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I'm trying to code a VERY SIMPLE countdown timer. At first, it seemed to be done and working fine. I was excited. But then, upon testing it out, I realized that a 30-min countdown seemed to take for ever. So I looked into it and found that what my timer was timing as 30 mins was, in the real world, almost 50 mins!

I've tried debugging the thing and can't find where it's going wrong. At first I thought maybe the setInterval was responsible and not working at exactly one second intervals. But I can't see anyone else has had that issue. Supposedly it should always work. And, when checking it closely, by making the function print put ...getSecond() data it does seem like it's working perfectly. However, time is being added on at some point!

I've tried this approach. Getting the info from the new Date() function and then subtracting the starting timestamp with the the finishing timestamp... etc., etc. The thing is this was supposed to be a 5-10 min code work and, thus, complicating it in this way defeats the purpose!

So I'm coming to you guys for help! I've quickly set it up in this jsFiddle for you guys to try out and hopefully someone out there will see where the glitch is.

The timer basically just shows the minutes going down, as I don't want it to count seconds (seconds going by, I find, frustrate people who have to fulfill a task in a specific time). I've unhidden the seconds so you guys can see them, though. And it should print out the time it starts and time it ends, so you can see the difference between the time your setting up for the countdown and the actual time it takes for the countdown to end. If one tries out the 1-min countdown, for example, one should find one or two seconds are added. If one tries out the 30-mins countdown one should find about 50 mins are added.

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up vote 1 down vote accepted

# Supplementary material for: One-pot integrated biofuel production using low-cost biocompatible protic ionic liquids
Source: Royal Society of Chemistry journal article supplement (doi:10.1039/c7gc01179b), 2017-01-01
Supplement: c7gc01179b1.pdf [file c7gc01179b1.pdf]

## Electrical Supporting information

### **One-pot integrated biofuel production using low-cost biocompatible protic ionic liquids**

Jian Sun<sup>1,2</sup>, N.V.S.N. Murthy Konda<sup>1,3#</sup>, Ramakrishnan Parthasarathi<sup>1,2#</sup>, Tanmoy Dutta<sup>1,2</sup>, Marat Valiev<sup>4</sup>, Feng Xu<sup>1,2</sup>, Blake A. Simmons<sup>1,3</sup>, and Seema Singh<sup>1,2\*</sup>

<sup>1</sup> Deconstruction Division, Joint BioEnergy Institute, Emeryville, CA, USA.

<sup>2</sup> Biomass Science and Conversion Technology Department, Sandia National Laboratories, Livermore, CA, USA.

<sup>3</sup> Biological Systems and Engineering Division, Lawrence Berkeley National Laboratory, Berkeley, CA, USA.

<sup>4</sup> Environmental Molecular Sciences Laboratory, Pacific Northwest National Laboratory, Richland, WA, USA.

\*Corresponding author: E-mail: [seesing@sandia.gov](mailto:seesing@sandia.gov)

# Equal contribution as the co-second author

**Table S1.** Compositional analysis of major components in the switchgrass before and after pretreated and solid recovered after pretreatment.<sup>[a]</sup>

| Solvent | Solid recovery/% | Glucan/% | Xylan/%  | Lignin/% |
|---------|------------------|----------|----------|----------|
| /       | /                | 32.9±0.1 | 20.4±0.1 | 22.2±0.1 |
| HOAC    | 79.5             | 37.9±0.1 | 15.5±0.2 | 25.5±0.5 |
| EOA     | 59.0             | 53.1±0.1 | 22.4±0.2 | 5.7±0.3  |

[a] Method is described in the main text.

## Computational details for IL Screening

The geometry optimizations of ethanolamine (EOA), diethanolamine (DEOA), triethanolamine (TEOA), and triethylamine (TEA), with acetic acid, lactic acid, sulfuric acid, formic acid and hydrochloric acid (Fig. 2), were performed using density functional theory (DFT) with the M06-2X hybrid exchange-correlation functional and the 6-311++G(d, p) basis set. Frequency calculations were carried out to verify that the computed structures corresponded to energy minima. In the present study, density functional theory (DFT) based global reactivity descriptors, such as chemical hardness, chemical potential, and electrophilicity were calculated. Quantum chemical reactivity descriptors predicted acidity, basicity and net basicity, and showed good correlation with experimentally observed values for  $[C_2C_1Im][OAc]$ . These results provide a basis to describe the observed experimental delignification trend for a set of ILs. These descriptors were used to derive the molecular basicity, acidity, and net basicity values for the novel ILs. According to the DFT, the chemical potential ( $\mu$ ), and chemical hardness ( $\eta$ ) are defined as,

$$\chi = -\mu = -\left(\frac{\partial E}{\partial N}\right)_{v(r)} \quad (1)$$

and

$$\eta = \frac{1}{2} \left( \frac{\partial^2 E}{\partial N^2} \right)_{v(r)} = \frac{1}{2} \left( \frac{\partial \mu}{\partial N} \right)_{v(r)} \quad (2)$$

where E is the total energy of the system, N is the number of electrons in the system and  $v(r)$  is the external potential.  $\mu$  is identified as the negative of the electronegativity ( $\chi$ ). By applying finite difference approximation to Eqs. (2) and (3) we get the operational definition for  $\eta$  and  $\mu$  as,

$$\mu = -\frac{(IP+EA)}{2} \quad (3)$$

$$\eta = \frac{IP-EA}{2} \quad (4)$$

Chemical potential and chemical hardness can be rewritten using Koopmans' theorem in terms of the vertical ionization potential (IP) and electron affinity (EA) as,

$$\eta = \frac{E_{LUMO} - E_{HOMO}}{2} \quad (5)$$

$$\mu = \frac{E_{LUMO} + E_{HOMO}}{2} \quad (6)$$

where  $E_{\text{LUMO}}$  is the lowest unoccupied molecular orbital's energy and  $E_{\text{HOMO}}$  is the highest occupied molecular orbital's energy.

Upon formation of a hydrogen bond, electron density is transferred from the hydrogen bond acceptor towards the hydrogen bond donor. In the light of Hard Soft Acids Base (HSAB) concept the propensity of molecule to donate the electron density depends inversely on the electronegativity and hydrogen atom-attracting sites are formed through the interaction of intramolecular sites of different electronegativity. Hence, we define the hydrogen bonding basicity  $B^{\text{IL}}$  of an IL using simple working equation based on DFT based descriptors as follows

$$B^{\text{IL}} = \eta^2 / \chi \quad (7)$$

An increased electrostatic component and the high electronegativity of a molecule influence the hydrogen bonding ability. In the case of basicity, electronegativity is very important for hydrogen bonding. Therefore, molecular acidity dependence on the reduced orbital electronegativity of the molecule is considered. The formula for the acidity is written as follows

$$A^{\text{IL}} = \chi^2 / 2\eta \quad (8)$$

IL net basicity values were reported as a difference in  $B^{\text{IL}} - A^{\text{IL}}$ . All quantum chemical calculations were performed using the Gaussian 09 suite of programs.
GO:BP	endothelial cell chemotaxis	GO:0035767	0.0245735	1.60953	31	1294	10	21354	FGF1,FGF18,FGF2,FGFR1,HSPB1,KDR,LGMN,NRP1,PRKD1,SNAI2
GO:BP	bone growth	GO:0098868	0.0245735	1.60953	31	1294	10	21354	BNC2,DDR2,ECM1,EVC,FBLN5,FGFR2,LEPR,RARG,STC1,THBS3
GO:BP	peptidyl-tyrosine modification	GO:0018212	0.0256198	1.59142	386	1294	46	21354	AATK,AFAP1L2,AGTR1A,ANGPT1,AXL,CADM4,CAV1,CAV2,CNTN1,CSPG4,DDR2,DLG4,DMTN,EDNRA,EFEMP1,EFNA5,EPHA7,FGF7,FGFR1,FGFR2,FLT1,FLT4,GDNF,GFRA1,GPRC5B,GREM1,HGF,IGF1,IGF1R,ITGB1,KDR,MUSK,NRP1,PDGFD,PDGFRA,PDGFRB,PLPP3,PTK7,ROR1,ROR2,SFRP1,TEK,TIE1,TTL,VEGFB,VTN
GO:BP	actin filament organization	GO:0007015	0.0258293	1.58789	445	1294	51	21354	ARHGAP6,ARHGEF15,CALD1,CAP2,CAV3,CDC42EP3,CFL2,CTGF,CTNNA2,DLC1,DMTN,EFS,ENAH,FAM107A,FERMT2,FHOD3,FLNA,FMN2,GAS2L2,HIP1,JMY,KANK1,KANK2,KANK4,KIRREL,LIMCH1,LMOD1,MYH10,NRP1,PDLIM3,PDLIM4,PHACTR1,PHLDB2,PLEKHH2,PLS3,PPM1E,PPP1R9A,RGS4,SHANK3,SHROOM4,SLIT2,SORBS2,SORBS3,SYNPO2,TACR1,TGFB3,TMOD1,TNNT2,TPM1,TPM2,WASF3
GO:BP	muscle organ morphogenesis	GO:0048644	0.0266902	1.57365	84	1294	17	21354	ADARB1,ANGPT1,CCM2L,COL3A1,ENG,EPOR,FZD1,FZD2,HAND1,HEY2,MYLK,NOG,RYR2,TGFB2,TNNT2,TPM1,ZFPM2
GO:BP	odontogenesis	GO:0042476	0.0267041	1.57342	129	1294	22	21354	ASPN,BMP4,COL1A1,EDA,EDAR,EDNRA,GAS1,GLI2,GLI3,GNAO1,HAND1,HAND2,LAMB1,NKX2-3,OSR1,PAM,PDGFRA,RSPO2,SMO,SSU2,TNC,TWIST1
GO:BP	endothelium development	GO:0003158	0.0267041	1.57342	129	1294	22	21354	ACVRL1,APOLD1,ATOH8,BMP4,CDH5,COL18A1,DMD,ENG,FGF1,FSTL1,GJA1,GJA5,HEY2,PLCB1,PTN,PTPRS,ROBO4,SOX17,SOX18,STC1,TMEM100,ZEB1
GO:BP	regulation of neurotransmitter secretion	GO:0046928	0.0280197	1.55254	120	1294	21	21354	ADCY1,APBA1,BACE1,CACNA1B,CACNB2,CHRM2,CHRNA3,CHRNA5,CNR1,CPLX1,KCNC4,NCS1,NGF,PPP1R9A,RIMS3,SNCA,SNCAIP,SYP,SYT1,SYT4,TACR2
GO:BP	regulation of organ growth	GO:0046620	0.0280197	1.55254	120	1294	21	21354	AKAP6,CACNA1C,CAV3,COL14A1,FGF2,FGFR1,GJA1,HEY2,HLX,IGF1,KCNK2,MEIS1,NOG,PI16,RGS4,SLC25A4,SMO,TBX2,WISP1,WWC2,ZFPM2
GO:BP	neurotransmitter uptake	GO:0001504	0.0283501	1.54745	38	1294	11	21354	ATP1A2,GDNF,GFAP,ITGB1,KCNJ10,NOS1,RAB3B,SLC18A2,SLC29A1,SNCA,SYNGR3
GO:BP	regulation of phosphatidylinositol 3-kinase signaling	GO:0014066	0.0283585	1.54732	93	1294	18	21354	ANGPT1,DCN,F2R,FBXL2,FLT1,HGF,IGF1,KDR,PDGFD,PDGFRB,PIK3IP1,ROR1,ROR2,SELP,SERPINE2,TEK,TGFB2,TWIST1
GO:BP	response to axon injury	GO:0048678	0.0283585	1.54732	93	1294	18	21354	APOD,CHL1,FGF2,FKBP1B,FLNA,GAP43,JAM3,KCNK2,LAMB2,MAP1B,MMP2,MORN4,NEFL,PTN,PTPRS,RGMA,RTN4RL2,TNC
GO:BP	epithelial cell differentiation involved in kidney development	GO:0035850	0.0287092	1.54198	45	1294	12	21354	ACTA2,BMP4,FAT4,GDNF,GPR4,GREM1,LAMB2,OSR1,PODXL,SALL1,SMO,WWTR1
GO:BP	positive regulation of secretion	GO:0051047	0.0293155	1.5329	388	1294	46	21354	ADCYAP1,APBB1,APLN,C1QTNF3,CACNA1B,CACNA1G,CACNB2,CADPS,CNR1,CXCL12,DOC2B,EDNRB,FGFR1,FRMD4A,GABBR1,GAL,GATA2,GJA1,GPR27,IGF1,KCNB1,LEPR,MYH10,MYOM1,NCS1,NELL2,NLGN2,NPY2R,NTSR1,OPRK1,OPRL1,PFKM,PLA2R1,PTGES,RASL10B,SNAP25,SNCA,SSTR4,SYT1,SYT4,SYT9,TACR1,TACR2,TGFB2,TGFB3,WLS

At first I thought maybe the setInterval was responsible and not working at exactly one second intervals

Yes, you cannot expect it to fire exactly every second as timer is based on local system clock cycle. For example: if on a system, 33 miliseconds = 1 clock cycle => 1000 seconds is almost 30.3 clock cycles, but the system has to round up the value and fire the event every 31 clock cycles. That's how the time adds up.

As javascript is single-threaded, there is another overhead involved to execute your timer callback

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The solution is as you said, and it's not complicated at all, use the starting date and track differences with new Date(), I'm not sure I understand the underlying login very well but:

  • new Date() uses System clock, which is accurate
  • SetInterval uses time differences which cannot be predicted since commands take different times in dirrefent computers, I believe that even en empty setInterval (I mean function (){}) will take longer than the time interval it should take.

- EDIT -

But this answer and the code it shows (see fiddle in comments) make my assumption about setInterval false.

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